in the stockings this year

from Urban Dictionary

I reckon I'll pass

Susan S has conducted an inquiry into the "Writing the Essay" course C. suffered through this semester, and found this question posted to Yahoo Answers:
Essay 2
Write an essay of your own in which you reckon with the original, chosen essay and its ideas. Do this reckoning in the context of other sources (written and experiential). Do this reckoning not only for its own sake but also for the sake of developing an idea of your own. Your writing task is at least two-fold: to deepen our understanding of that original source while letting us see you reckon with it across the entire essay; and to develop your own idea along with this reckoning, an idea that emerges through your analytical reckoning. You must cite the original, chosen essay and at least three other written texts in your essay. You can also use your own experiences to help develop your idea.

[The student asks]: RECKON??? do you know how many definitions there are of reckon... can someone explain what i am supposed to do.
For Christmas I ordered three Writing the Essay mugs from Urban Dictionary, one for Ed, one for me, and one for C.

Unfortunately, the one I ordered for me has a definition of "Trailer Fraud" on the side, so now that's another whole multi-step errand to add to the list.

Wednesday, January 16, 2013

learning to read by learning to spell in Aruba

from the Official Tourism site of Aruba:

Dutch and the local language of Papiamento are the official languages of Aruba, but most Arubans speak a minimum of four languages including English and Spanish.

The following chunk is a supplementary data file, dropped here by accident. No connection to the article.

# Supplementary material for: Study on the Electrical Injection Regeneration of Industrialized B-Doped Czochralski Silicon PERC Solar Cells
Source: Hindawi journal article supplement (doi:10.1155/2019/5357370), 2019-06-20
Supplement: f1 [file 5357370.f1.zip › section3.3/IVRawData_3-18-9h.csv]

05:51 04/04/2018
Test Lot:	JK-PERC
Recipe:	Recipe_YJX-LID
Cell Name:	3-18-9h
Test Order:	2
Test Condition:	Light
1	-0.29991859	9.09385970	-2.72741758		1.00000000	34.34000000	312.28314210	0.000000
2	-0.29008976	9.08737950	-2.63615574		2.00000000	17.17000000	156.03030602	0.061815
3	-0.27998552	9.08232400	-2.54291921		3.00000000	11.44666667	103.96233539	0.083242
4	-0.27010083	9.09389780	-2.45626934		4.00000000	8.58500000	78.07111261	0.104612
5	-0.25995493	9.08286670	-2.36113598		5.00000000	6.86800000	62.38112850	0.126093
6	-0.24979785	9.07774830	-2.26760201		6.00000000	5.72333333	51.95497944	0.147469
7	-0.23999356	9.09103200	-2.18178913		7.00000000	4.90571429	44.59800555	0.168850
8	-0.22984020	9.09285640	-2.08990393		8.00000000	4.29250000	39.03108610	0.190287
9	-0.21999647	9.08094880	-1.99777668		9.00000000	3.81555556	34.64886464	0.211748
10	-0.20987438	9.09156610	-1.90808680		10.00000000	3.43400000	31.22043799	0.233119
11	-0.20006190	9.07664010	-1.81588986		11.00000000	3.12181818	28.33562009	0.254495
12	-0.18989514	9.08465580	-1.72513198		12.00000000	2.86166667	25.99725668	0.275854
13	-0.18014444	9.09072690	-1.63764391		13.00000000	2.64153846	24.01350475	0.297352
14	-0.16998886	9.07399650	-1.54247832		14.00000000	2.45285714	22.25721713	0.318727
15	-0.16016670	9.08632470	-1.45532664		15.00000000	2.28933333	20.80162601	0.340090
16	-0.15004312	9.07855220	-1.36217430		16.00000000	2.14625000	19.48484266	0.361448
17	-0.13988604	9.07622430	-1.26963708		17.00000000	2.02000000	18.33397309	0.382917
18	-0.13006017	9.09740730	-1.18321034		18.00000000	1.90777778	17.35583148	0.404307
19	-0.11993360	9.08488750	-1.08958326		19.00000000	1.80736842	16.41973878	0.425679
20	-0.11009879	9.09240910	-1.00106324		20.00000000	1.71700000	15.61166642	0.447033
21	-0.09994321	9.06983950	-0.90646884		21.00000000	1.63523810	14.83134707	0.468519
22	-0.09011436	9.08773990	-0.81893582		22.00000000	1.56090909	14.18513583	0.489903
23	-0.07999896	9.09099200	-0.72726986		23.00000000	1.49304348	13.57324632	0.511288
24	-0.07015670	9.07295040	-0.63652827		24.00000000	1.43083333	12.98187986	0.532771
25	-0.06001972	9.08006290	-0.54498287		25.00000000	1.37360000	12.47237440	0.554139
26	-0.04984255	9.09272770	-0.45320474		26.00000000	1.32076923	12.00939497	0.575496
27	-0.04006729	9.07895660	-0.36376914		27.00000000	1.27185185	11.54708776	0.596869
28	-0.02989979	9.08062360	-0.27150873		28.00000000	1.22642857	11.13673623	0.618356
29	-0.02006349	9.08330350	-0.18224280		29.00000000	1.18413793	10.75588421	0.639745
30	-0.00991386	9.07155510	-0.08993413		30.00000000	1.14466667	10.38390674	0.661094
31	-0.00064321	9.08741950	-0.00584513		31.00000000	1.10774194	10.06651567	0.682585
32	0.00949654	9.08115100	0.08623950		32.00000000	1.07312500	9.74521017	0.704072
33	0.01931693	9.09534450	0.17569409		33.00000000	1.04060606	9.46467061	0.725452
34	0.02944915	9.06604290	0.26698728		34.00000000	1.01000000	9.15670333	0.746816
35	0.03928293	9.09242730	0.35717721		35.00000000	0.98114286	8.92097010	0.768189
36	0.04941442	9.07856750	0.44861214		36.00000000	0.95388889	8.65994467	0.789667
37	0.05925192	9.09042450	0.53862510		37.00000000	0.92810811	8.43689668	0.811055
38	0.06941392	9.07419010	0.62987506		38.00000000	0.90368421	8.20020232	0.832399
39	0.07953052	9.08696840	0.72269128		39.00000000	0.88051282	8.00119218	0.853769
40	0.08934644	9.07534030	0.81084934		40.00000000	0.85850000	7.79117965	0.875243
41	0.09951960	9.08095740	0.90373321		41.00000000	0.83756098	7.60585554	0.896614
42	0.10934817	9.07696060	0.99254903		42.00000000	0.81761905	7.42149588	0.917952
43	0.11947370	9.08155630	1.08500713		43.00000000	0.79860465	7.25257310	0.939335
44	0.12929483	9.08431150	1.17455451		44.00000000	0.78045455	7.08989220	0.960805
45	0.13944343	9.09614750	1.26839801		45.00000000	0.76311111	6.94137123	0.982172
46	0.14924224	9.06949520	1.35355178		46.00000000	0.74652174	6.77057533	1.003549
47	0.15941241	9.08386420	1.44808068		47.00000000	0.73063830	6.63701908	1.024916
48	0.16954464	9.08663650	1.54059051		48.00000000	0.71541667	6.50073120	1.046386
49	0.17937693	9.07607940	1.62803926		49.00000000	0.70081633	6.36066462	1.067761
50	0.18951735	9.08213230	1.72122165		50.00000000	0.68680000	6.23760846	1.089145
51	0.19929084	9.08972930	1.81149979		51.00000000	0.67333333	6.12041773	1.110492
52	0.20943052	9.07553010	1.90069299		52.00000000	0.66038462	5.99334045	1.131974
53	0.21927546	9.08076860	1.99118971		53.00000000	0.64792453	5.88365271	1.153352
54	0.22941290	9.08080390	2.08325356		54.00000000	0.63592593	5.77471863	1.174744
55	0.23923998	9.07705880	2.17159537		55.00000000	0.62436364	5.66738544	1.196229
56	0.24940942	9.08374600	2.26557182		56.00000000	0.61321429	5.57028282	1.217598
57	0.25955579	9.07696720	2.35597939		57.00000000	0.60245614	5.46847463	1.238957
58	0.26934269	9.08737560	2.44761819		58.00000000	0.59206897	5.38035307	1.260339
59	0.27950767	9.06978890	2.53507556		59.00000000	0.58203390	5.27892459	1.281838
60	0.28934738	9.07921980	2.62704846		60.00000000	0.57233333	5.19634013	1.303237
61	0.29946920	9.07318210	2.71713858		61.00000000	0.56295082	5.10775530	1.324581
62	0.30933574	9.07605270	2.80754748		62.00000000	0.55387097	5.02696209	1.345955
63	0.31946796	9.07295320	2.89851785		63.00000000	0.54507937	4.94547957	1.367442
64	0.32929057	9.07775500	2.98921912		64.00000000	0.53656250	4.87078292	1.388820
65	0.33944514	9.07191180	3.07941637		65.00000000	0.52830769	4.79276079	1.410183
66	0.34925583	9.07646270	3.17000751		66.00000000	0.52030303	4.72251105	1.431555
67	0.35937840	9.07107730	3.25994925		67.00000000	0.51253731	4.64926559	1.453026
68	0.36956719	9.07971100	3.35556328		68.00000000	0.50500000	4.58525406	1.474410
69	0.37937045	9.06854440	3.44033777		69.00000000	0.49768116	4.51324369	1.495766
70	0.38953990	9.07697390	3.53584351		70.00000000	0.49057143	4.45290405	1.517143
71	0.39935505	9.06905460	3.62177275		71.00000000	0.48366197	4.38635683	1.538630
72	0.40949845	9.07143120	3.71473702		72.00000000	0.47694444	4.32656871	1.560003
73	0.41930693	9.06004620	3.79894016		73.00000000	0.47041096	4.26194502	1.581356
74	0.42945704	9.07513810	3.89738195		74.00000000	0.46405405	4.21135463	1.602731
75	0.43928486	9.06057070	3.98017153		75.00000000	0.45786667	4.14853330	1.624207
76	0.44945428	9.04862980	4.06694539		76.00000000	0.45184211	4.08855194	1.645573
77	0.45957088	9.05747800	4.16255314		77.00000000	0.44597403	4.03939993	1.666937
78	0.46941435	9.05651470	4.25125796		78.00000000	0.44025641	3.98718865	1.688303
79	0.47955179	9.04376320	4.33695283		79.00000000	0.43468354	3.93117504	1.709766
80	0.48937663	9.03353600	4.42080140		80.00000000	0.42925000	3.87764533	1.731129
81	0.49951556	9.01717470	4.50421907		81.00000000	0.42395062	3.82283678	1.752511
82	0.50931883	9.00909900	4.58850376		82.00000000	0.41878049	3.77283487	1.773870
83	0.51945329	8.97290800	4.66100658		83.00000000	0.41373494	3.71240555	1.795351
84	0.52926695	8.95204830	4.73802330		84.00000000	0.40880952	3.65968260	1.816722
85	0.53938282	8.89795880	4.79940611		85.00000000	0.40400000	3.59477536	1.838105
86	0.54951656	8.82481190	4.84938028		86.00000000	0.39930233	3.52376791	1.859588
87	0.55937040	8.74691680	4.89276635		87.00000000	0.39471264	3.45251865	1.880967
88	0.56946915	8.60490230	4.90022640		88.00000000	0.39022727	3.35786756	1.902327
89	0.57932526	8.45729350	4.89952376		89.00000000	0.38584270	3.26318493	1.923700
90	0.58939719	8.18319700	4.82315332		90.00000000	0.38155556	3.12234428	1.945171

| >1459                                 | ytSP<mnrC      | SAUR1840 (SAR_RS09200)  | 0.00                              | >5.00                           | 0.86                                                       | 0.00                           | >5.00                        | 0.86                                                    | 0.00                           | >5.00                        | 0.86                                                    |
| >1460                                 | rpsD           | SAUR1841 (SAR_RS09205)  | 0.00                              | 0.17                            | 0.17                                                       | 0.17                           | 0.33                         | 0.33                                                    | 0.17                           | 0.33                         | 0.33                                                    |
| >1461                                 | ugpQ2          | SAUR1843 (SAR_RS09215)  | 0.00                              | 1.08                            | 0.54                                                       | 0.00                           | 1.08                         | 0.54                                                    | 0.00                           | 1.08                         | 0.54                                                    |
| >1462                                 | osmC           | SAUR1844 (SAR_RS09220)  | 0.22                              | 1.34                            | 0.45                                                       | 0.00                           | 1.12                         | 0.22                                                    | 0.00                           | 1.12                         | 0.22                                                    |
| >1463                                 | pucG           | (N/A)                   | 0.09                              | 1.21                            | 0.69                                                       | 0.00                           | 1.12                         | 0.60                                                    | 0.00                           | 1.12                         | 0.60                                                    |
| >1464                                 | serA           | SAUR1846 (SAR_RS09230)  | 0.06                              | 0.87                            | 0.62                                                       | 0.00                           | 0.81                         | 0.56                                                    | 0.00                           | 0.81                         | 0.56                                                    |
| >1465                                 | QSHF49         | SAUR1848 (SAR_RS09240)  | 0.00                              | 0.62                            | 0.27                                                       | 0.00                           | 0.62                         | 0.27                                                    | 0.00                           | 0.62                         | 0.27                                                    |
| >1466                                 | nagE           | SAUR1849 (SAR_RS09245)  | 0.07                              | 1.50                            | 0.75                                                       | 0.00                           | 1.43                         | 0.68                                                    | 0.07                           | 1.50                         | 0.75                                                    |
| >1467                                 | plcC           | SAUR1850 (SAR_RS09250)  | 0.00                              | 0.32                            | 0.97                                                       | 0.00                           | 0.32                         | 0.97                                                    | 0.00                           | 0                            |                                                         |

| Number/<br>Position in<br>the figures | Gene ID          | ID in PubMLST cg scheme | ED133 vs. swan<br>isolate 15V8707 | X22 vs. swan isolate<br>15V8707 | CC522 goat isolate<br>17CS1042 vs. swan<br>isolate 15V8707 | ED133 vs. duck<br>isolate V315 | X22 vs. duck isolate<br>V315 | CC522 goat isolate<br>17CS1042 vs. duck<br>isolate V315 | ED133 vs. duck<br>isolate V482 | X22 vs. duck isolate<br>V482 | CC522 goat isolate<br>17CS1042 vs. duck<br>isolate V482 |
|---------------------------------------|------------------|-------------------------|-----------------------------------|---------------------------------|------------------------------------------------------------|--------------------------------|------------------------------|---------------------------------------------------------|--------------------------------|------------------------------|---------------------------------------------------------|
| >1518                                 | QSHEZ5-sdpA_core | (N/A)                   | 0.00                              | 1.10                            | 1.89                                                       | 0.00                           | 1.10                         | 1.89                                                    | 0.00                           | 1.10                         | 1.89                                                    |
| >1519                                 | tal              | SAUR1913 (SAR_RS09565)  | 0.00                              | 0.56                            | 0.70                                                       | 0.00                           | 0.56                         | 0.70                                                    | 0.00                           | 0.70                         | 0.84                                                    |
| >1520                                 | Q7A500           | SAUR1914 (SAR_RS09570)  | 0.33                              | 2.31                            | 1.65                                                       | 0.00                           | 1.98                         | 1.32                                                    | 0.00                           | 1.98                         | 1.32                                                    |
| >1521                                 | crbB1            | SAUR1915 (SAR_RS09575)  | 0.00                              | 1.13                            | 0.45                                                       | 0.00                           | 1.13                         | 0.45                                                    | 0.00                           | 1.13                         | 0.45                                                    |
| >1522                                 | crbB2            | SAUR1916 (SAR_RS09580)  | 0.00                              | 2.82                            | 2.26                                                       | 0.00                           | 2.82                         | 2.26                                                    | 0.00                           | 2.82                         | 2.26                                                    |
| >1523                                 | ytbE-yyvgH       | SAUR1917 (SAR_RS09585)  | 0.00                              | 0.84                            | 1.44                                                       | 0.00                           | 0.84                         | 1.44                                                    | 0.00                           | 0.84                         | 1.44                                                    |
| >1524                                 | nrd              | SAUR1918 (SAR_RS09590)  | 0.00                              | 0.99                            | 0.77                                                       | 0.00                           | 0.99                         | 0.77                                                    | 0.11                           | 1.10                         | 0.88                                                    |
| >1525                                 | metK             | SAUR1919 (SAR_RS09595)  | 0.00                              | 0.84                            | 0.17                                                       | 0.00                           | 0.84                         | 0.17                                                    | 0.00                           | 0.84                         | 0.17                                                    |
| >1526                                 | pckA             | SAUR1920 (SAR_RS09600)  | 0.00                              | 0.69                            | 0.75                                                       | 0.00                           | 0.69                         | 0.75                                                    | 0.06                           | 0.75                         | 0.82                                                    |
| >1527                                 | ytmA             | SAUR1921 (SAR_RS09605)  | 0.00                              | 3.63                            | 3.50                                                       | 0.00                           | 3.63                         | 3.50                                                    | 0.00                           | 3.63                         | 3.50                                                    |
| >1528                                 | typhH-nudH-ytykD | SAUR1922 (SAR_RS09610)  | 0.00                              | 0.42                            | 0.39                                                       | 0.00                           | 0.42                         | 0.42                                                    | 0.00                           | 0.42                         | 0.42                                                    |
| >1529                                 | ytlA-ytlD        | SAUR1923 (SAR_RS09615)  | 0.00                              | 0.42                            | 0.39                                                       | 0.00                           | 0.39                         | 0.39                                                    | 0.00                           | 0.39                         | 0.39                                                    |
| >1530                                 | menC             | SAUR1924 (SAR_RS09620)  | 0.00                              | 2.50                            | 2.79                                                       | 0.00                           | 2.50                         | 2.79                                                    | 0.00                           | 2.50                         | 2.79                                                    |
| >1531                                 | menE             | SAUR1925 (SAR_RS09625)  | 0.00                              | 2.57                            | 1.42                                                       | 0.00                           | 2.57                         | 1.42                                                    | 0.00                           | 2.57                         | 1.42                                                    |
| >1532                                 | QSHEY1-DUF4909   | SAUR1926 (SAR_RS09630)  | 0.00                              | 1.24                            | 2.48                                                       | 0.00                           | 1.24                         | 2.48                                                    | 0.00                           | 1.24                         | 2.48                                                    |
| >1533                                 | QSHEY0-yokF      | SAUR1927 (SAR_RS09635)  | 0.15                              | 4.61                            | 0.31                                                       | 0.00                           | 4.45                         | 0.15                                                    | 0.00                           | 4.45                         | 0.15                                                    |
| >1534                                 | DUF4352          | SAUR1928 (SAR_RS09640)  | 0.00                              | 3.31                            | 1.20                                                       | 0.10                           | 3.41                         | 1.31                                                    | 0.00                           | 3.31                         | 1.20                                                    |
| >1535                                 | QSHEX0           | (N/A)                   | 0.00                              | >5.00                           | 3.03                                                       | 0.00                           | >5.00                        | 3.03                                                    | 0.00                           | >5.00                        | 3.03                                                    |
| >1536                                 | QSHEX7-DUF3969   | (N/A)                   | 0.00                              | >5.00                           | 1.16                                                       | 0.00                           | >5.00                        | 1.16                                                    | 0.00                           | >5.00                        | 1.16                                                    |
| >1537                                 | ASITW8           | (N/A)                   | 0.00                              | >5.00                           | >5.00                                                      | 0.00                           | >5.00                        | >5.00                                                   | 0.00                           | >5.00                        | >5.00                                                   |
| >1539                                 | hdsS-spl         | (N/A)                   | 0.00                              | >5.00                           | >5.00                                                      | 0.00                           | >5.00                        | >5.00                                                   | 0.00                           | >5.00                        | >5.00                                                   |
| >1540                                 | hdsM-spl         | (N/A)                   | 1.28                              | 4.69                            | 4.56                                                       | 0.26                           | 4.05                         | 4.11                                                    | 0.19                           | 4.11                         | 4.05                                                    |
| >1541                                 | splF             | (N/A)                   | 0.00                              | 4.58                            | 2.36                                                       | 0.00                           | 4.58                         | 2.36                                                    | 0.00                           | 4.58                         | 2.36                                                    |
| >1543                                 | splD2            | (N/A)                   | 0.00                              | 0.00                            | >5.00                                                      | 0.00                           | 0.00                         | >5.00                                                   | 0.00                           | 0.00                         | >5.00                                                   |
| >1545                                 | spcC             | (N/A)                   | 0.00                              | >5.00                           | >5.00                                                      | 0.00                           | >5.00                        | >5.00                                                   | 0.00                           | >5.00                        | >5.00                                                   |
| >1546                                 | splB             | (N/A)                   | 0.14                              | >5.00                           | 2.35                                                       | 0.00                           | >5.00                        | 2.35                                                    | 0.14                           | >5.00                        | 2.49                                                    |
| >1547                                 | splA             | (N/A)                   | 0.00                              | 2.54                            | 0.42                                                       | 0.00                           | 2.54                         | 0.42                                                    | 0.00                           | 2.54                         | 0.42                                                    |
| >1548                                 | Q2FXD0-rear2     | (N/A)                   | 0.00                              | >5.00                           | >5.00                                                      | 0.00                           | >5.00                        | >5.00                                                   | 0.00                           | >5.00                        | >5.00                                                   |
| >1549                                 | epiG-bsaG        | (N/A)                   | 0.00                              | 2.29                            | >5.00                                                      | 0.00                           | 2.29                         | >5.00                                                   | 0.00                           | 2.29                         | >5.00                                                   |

In the cab back to the airport we interviewed the driver re: multilingualism in Aruba.

He told us that Aruban children speak Papiamento at home and in Kindergarten.

Then, in 1st grade (I'm pretty sure it was 1st grade, not 2nd -- but I wish to heck I'd taken notes) students move to immersion classes taught in Dutch.

The teacher speaks in Dutch (and does she write her words on the board?? I don't remember).

The children have a slate of her words at their desk, with a piece of tracing paper on top. They trace over the words as she speaks them.

They learn to hear Dutch at the same time they learn to spell Dutch.

That's the way things were done in America lo these many years ago. Both Frederick Douglass and Huckleberry Finn describe learning to read English by learning to spell English.

Aruban children commence studying English and Spanish in 5th grade. Some years back, they moved on to learn Italian, German, Portuguese, and French in high school, but that is no longer the case today.

Sunday, January 13, 2013

Laura Z on parents as guides on the side

re: Gordon Neufeld's Hold Onto Your Kids, Laura in AZ said...
This is a wonderful book! One of the best I've ever read, period!

Oh, yes, when you don't go with the flow with your child. I too tried with my daughter - from Pre-school through 4th grade. Not knowing she had Asperger's - though she is very high functioning. The schools tried to make her social, tried to make my "square-peg" fit into the "round-hole" of the whole social set-up. When it didn't work, it was my fault. (This was before her diagnosis).